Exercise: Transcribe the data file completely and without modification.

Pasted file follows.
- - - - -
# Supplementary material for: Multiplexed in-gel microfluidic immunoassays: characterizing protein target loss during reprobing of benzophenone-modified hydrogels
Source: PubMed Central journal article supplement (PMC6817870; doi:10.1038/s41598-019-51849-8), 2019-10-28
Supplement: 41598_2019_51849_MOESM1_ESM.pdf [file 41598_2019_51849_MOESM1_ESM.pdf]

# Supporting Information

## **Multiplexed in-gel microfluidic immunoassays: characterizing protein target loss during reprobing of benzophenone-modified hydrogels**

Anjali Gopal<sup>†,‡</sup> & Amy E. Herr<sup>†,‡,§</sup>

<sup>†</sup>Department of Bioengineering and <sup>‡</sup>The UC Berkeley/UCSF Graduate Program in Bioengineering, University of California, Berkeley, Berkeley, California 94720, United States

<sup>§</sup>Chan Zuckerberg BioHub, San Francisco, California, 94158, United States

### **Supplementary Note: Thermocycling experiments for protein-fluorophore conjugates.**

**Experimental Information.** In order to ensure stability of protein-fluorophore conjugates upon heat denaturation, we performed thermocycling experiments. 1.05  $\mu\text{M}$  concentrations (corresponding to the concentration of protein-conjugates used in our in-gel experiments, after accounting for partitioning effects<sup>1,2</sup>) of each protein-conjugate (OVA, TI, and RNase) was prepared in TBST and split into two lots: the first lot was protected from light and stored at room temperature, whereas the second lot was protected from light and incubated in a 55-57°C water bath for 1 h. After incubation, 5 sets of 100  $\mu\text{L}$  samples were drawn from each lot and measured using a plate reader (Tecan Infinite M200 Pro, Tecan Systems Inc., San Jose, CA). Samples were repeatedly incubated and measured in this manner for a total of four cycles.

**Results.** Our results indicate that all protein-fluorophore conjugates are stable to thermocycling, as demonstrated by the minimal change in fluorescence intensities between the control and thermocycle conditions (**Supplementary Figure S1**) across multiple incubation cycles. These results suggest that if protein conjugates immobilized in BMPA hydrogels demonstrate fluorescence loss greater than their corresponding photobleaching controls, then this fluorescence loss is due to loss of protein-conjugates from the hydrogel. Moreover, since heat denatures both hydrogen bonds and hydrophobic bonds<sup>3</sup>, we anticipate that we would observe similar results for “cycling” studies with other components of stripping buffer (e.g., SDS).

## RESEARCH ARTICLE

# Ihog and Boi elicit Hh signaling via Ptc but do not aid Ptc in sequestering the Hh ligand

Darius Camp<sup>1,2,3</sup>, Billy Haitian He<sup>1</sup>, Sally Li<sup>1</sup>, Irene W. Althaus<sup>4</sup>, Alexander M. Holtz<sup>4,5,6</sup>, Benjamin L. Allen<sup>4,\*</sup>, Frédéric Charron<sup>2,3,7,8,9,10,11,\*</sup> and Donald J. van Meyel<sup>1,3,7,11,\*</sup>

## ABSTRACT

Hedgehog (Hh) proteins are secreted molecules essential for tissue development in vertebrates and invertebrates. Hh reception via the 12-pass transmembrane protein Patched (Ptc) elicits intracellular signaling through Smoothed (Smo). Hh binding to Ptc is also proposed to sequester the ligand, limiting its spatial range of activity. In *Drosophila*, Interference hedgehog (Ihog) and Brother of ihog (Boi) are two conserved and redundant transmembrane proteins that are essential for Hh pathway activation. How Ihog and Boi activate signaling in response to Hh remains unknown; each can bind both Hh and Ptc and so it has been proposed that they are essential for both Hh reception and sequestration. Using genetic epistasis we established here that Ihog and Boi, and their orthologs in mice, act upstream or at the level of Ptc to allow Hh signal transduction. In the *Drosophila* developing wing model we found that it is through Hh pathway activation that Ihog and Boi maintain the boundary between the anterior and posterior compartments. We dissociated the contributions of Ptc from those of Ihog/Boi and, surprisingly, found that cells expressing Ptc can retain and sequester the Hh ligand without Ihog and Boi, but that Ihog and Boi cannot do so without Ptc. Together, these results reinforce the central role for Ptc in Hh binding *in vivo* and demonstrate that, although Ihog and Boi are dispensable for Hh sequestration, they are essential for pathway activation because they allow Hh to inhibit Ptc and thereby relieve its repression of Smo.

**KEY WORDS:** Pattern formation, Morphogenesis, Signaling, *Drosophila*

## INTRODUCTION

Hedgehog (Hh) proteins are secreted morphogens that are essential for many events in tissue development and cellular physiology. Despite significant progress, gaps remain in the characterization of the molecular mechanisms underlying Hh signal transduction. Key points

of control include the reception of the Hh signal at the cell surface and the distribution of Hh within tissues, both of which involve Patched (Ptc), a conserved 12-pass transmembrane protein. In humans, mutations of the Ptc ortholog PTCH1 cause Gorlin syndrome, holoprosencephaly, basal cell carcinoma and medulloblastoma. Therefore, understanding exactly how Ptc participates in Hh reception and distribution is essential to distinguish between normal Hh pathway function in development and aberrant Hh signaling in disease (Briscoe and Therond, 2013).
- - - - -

# Supplementary material for: Multiplexed in-gel microfluidic immunoassays: characterizing protein target loss during reprobing of benzophenone-modified hydrogels
Source: PubMed Central journal article supplement (PMC6817870; doi:10.1038/s41598-019-51849-8), 2019-10-28
Supplement: 41598_2019_51849_MOESM1_ESM.pdf [file 41598_2019_51849_MOESM1_ESM.pdf]

# Supporting Information

## **Multiplexed in-gel microfluidic immunoassays: characterizing protein target loss during reprobing of benzophenone-modified hydrogels**

Anjali Gopal<sup>†,‡</sup> & Amy E. Herr<sup>†,‡,§</sup>

<sup>†</sup>Department of Bioengineering and <sup>‡</sup>The UC Berkeley/UCSF Graduate Program in Bioengineering, University of California, Berkeley, Berkeley, California 94720, United States

<sup>§</sup>Chan Zuckerberg BioHub, San Francisco, California, 94158, United States

### **Supplementary Note: Thermocycling experiments for protein-fluorophore conjugates.**

**Experimental Information.** In order to ensure stability of protein-fluorophore conjugates upon heat denaturation, we performed thermocycling experiments. 1.05  $\mu\text{M}$  concentrations (corresponding to the concentration of protein-conjugates used in our in-gel experiments, after accounting for partitioning effects<sup>1,2</sup>) of each protein-conjugate (OVA, TI, and RNase) was prepared in TBST and split into two lots: the first lot was protected from light and stored at room temperature, whereas the second lot was protected from light and incubated in a 55-57°C water bath for 1 h. After incubation, 5 sets of 100  $\mu\text{L}$  samples were drawn from each lot and measured using a plate reader (Tecan Infinite M200 Pro, Tecan Systems Inc., San Jose, CA). Samples were repeatedly incubated and measured in this manner for a total of four cycles.

**Results.** Our results indicate that all protein-fluorophore conjugates are stable to thermocycling, as demonstrated by the minimal change in fluorescence intensities between the control and thermocycle conditions (**Supplementary Figure S1**) across multiple incubation cycles. These results suggest that if protein conjugates immobilized in BMPA hydrogels demonstrate fluorescence loss greater than their corresponding photobleaching controls, then this fluorescence loss is due to loss of protein-conjugates from the hydrogel. Moreover, since heat denatures both hydrogen bonds and hydrophobic bonds<sup>3</sup>, we anticipate that we would observe similar results for “cycling” studies with other components of stripping buffer (e.g., SDS).

## RESEARCH ARTICLE

# Ihog and Boi elicit Hh signaling via Ptc but do not aid Ptc in sequestering the Hh ligand

Darius Camp<sup>1,2,3</sup>, Billy Haitian He<sup>1</sup>, Sally Li<sup>1</sup>, Irene W. Althaus<sup>4</sup>, Alexander M. Holtz<sup>4,5,6</sup>, Benjamin L. Allen<sup>4,\*</sup>, Frédéric Charron<sup>2,3,7,8,9,10,11,\*</sup> and Donald J. van Meyel<sup>1,3,7,11,\*</sup>

## ABSTRACT

Hedgehog (Hh) proteins are secreted molecules essential for tissue development in vertebrates and invertebrates. Hh reception via the 12-pass transmembrane protein Patched (Ptc) elicits intracellular signaling through Smoothed (Smo). Hh binding to Ptc is also proposed to sequester the ligand, limiting its spatial range of activity. In *Drosophila*, Interference hedgehog (Ihog) and Brother of ihog (Boi) are two conserved and redundant transmembrane proteins that are essential for Hh pathway activation. How Ihog and Boi activate signaling in response to Hh remains unknown; each can bind both Hh and Ptc and so it has been proposed that they are essential for both Hh reception and sequestration. Using genetic epistasis we established here that Ihog and Boi, and their orthologs in mice, act upstream or at the level of Ptc to allow Hh signal transduction. In the *Drosophila* developing wing model we found that it is through Hh pathway activation that Ihog and Boi maintain the boundary between the anterior and posterior compartments. We dissociated the contributions of Ptc from those of Ihog/Boi and, surprisingly, found that cells expressing Ptc can retain and sequester the Hh ligand without Ihog and Boi, but that Ihog and Boi cannot do so without Ptc. Together, these results reinforce the central role for Ptc in Hh binding *in vivo* and demonstrate that, although Ihog and Boi are dispensable for Hh sequestration, they are essential for pathway activation because they allow Hh to inhibit Ptc and thereby relieve its repression of Smo.

**KEY WORDS:** Pattern formation, Morphogenesis, Signaling, *Drosophila*

## INTRODUCTION

Hedgehog (Hh) proteins are secreted morphogens that are essential for many events in tissue development and cellular physiology. Despite significant progress, gaps remain in the characterization of the molecular mechanisms underlying Hh signal transduction. Key points

of control include the reception of the Hh signal at the cell surface and the distribution of Hh within tissues, both of which involve Patched (Ptc), a conserved 12-pass transmembrane protein. In humans, mutations of the Ptc ortholog PTCH1 cause Gorlin syndrome, holoprosencephaly, basal cell carcinoma and medulloblastoma. Therefore, understanding exactly how Ptc participates in Hh reception and distribution is essential to distinguish between normal Hh pathway function in development and aberrant Hh signaling in disease (Briscoe and Therond, 2013).